The first line has inverted syntax (the subject and predicate are placed at the end):
Whose woods these are I think I know.
The imagery is as follows:
- natural imagery: "woods," "snow," "frozen lake", "downy flake"
- sound imagery: "sweep of easy wind"; "bells"
- light/dark imagery: "snow" vs. "The darkest evening of the year."
- man-made imagery: "farmhouse," "harness," "village"
- Duty and Responsibility: "promises to keep"
- Beauty: "the sweep / Of easy wind and downy flake."
- Return to Nature (and this is the motif / metaphor as well):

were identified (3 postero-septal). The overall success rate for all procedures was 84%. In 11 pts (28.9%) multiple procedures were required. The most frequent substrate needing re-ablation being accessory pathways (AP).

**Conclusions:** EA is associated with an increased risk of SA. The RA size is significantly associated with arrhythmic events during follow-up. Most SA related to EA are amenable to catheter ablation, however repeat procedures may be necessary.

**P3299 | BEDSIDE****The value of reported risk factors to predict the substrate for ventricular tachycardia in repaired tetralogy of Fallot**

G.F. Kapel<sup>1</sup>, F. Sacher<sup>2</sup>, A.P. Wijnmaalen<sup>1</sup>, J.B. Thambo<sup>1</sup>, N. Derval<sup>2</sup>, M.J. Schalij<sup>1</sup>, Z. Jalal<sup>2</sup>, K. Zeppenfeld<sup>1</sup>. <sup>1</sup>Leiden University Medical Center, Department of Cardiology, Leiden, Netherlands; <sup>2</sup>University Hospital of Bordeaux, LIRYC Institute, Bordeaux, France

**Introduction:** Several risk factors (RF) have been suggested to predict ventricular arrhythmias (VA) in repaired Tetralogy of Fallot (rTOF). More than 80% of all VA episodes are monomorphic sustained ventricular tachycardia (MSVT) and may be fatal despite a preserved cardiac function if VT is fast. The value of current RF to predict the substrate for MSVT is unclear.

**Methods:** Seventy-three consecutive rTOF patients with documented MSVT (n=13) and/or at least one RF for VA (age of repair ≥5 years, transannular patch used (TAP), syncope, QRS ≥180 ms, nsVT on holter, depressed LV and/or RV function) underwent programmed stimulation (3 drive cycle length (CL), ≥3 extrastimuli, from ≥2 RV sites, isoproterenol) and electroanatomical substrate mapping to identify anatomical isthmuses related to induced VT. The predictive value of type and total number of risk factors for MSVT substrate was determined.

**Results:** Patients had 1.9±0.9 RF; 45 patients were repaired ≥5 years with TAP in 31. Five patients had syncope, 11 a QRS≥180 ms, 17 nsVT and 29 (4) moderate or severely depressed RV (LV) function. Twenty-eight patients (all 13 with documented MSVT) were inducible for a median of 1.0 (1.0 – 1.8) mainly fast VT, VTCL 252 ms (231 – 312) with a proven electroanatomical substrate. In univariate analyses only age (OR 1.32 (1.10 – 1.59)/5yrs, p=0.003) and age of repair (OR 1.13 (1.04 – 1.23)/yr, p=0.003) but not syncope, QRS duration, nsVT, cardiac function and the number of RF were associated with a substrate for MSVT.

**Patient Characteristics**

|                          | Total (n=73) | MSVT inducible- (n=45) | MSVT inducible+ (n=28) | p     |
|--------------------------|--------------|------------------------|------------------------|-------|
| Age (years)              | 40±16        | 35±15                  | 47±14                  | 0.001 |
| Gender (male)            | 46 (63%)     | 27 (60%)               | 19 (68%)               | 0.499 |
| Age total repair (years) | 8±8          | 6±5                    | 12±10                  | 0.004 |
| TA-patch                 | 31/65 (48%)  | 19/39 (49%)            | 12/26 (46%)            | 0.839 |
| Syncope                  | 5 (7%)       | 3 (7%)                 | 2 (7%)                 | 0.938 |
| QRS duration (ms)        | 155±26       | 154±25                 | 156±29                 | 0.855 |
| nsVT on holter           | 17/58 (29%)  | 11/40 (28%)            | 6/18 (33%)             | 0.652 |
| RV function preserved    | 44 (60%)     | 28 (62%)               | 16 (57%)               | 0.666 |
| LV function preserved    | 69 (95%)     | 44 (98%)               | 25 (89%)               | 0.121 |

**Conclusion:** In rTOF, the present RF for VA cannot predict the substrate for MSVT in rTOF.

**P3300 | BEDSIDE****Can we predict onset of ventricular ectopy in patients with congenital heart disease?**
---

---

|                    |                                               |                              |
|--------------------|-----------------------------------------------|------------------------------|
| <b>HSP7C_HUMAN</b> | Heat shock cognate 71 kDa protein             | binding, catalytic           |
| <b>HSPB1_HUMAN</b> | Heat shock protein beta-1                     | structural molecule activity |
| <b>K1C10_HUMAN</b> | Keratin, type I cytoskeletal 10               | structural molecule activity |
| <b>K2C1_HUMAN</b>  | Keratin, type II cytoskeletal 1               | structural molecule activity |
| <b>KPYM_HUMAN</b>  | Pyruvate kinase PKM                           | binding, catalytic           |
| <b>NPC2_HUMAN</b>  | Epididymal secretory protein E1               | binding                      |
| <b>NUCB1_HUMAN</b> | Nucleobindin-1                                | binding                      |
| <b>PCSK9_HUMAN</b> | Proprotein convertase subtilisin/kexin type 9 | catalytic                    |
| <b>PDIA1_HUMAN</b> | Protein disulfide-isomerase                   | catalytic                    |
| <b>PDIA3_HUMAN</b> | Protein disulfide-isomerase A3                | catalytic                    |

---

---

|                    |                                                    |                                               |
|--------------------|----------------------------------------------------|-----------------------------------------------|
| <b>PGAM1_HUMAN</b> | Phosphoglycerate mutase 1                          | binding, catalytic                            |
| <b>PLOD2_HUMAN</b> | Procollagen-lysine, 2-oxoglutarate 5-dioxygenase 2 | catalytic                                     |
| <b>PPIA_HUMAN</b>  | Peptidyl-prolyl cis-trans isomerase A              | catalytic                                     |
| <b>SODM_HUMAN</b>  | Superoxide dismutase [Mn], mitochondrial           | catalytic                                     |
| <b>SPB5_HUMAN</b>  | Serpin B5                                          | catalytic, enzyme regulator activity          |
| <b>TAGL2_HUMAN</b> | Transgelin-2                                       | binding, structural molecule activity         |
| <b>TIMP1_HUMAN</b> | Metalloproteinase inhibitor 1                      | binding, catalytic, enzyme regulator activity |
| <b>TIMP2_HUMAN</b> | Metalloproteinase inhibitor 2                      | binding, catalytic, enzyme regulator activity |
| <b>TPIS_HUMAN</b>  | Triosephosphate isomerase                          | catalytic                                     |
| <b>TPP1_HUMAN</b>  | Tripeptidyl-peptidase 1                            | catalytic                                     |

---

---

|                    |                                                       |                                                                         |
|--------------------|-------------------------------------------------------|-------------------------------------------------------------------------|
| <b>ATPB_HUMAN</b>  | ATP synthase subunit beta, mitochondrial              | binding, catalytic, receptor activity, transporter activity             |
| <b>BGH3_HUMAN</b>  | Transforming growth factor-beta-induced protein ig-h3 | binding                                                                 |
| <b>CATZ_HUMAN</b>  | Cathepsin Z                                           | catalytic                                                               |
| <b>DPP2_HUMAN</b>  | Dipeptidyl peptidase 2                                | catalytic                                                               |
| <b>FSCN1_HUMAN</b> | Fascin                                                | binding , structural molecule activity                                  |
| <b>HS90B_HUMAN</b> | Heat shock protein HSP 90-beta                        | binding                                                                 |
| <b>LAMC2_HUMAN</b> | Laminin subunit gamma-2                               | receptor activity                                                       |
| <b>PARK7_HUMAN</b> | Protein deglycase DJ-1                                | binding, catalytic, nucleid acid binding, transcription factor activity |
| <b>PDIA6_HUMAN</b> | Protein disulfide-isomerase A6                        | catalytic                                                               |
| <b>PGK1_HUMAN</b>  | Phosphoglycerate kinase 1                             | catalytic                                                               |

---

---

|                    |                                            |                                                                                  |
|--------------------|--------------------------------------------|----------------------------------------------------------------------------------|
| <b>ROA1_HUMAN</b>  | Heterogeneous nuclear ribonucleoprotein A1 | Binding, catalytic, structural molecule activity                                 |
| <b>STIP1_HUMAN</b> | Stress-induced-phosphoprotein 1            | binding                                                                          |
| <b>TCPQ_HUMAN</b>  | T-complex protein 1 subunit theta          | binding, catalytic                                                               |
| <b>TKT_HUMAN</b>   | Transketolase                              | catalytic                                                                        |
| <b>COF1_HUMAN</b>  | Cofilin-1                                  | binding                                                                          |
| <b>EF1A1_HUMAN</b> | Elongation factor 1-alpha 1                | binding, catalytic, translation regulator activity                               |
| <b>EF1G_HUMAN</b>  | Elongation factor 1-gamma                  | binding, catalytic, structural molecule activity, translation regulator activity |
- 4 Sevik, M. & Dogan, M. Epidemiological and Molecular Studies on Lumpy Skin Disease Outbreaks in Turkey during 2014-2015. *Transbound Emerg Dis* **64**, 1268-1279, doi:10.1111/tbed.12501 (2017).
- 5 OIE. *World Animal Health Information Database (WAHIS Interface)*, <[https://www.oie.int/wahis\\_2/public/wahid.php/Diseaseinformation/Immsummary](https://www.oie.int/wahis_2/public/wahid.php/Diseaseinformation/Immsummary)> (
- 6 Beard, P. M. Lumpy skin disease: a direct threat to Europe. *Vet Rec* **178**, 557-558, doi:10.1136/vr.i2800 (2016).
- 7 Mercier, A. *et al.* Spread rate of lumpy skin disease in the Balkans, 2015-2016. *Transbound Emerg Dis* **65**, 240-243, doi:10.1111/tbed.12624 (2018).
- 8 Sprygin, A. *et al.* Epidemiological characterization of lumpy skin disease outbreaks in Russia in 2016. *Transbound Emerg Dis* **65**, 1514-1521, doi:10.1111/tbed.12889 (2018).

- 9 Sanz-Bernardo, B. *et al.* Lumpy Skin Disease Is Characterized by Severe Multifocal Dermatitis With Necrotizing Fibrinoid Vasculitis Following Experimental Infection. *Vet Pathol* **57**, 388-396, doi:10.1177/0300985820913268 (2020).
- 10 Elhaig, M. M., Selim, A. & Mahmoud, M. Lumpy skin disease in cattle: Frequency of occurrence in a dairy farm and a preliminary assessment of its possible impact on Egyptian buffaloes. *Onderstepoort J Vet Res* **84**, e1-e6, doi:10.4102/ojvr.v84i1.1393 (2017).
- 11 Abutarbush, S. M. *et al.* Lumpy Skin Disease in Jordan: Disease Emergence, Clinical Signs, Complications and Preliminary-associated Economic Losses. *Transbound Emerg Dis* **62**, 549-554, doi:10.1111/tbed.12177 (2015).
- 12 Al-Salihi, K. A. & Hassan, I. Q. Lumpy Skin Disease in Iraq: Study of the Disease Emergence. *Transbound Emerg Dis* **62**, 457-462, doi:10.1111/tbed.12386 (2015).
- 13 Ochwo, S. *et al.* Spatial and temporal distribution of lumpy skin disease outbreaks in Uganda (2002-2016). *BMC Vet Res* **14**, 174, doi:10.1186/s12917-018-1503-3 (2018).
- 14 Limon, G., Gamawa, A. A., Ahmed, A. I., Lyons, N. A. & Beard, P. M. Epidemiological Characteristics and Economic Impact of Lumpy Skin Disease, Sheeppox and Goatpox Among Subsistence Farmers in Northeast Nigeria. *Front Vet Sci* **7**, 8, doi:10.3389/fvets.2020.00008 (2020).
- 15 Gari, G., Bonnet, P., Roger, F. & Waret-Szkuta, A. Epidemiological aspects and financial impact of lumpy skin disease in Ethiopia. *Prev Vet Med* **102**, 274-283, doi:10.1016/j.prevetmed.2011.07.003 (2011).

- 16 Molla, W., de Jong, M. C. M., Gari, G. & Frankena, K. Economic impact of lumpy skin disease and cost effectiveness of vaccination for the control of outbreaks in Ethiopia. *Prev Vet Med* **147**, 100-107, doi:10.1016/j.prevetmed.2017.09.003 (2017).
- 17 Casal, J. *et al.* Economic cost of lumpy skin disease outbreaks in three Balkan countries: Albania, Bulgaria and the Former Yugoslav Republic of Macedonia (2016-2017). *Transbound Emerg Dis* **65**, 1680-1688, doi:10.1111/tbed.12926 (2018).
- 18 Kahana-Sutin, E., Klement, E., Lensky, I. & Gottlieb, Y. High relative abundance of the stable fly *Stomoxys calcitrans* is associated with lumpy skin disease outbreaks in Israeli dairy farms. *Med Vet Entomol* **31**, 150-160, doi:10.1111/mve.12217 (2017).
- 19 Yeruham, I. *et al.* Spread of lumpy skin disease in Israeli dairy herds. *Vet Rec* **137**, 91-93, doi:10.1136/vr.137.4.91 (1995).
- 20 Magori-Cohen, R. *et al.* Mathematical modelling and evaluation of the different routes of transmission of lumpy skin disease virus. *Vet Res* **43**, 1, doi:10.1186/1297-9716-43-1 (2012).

With sadness, "Stopping By Woods on a Snowy Evening" examines just how difficult it has become in the modern world for man to stay in touch with nature. The poem is made up of contrasting images of the natural and the man-made: the woods and the village, the farmhouse and the lake, even the horse and the harness-bells. The speaker is enchanted with the things of nature, but is constantly reminded of human things, and, after a few minutes of giving in to the enchantment, decides with regret that this return to nature cannot last. In this poem humanity is represented not just by objects but by the concept of ownership. The first two words focus attention on an absent character about whom we only find out two things: that he lives in the village, away from nature, and that he owns the woods. It is the irony of this, that the owner does not appreciate what he has, that establishes the poem's mood. Man, it tells us, is wasteful.